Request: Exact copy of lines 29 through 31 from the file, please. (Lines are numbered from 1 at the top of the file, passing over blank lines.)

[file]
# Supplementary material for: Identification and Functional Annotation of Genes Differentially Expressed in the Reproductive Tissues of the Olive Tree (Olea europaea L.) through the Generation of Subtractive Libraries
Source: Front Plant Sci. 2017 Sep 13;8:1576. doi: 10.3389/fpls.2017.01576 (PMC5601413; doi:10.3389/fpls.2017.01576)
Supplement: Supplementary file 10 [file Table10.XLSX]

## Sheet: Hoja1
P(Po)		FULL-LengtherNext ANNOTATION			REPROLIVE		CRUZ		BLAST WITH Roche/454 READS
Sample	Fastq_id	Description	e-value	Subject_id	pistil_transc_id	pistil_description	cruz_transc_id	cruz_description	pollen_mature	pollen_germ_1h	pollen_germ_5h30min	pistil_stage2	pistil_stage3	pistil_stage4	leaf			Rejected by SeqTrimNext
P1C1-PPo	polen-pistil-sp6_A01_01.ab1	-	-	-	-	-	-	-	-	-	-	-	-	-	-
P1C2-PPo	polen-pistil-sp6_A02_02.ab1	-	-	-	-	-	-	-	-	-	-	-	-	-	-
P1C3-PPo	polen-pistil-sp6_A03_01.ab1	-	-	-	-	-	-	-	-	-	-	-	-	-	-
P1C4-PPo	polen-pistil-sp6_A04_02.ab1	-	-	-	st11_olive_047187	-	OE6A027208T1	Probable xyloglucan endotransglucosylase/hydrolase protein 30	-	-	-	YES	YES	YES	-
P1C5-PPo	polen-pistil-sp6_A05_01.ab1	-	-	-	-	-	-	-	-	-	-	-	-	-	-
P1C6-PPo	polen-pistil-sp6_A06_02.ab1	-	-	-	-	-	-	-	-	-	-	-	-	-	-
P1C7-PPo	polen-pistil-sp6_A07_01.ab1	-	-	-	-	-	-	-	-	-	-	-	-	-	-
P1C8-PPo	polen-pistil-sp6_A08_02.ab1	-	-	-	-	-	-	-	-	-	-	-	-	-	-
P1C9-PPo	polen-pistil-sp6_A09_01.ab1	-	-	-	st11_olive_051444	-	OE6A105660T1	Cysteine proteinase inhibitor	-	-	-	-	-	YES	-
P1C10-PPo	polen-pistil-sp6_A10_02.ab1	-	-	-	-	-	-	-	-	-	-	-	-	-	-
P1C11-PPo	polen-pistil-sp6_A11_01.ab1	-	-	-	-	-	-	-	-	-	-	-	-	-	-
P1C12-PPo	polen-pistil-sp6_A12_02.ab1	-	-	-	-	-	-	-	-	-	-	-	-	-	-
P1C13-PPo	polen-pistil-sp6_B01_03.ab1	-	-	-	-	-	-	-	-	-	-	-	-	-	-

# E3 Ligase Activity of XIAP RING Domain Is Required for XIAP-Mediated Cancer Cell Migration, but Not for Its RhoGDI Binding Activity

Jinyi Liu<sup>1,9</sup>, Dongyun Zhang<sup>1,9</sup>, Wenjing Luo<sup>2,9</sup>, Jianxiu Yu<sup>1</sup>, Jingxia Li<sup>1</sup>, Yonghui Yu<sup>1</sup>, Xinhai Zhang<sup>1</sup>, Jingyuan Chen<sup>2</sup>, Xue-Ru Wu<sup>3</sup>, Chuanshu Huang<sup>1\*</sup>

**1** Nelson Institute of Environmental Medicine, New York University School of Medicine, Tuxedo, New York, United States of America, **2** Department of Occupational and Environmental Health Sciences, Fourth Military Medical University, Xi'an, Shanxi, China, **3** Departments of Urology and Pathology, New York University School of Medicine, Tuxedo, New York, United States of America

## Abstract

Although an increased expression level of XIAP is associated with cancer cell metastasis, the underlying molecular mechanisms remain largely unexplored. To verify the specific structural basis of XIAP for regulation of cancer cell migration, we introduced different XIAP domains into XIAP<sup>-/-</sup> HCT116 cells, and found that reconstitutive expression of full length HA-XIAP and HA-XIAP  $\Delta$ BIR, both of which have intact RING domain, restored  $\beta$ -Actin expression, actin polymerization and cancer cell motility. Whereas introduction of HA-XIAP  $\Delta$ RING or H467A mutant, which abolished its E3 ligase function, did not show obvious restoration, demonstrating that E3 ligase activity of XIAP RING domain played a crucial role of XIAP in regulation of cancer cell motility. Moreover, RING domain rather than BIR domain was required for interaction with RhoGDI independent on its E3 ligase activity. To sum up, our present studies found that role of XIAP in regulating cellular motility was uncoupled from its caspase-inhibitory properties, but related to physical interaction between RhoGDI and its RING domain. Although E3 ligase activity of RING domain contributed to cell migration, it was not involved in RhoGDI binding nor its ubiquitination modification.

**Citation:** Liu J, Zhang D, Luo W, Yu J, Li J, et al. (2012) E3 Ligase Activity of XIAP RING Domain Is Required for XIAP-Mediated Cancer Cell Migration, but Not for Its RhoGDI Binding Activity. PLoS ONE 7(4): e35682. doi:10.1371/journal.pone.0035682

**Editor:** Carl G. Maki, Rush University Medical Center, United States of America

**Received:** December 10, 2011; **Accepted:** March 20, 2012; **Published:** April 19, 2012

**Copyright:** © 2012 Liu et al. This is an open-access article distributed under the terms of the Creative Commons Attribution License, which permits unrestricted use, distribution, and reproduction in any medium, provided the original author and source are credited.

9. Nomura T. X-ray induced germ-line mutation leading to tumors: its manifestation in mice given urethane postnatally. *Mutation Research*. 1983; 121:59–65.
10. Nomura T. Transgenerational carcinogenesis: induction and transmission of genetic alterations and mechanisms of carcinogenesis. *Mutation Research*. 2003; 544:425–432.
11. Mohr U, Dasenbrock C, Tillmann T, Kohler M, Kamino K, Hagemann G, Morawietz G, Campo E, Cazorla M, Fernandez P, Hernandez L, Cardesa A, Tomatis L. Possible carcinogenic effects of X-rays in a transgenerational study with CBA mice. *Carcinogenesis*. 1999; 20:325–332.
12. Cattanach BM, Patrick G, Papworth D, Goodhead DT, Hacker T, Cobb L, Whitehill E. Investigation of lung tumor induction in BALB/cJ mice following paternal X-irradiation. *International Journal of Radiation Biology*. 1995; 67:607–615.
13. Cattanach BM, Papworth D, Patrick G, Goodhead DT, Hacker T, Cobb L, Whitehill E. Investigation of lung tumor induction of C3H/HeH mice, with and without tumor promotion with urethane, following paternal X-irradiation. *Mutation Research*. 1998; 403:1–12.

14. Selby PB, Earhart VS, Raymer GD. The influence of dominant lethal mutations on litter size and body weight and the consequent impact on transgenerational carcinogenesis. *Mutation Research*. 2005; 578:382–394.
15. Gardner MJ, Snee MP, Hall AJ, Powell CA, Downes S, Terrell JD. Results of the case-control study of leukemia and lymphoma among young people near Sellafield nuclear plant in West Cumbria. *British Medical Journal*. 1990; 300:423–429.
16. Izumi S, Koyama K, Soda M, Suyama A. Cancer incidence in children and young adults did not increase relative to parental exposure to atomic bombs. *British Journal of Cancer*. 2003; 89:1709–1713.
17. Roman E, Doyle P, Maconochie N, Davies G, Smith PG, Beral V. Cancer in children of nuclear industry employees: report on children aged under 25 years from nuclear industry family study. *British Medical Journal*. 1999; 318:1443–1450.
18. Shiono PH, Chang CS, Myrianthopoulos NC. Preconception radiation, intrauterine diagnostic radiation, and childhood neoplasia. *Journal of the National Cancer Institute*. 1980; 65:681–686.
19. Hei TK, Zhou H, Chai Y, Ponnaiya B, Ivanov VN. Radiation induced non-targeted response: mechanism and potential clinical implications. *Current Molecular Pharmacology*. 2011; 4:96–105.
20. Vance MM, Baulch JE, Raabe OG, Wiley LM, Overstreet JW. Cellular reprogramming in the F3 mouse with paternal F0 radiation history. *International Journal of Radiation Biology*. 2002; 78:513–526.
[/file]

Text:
9. Nomura T. X-ray induced germ-line mutation leading to tumors: its manifestation in mice given urethane postnatally. *Mutation Research*. 1983; 121:59–65.
10. Nomura T. Transgenerational carcinogenesis: induction and transmission of genetic alterations and mechanisms of carcinogenesis. *Mutation Research*. 2003; 544:425–432.
11. Mohr U, Dasenbrock C, Tillmann T, Kohler M, Kamino K, Hagemann G, Morawietz G, Campo E, Cazorla M, Fernandez P, Hernandez L, Cardesa A, Tomatis L. Possible carcinogenic effects of X-rays in a transgenerational study with CBA mice. *Carcinogenesis*. 1999; 20:325–332.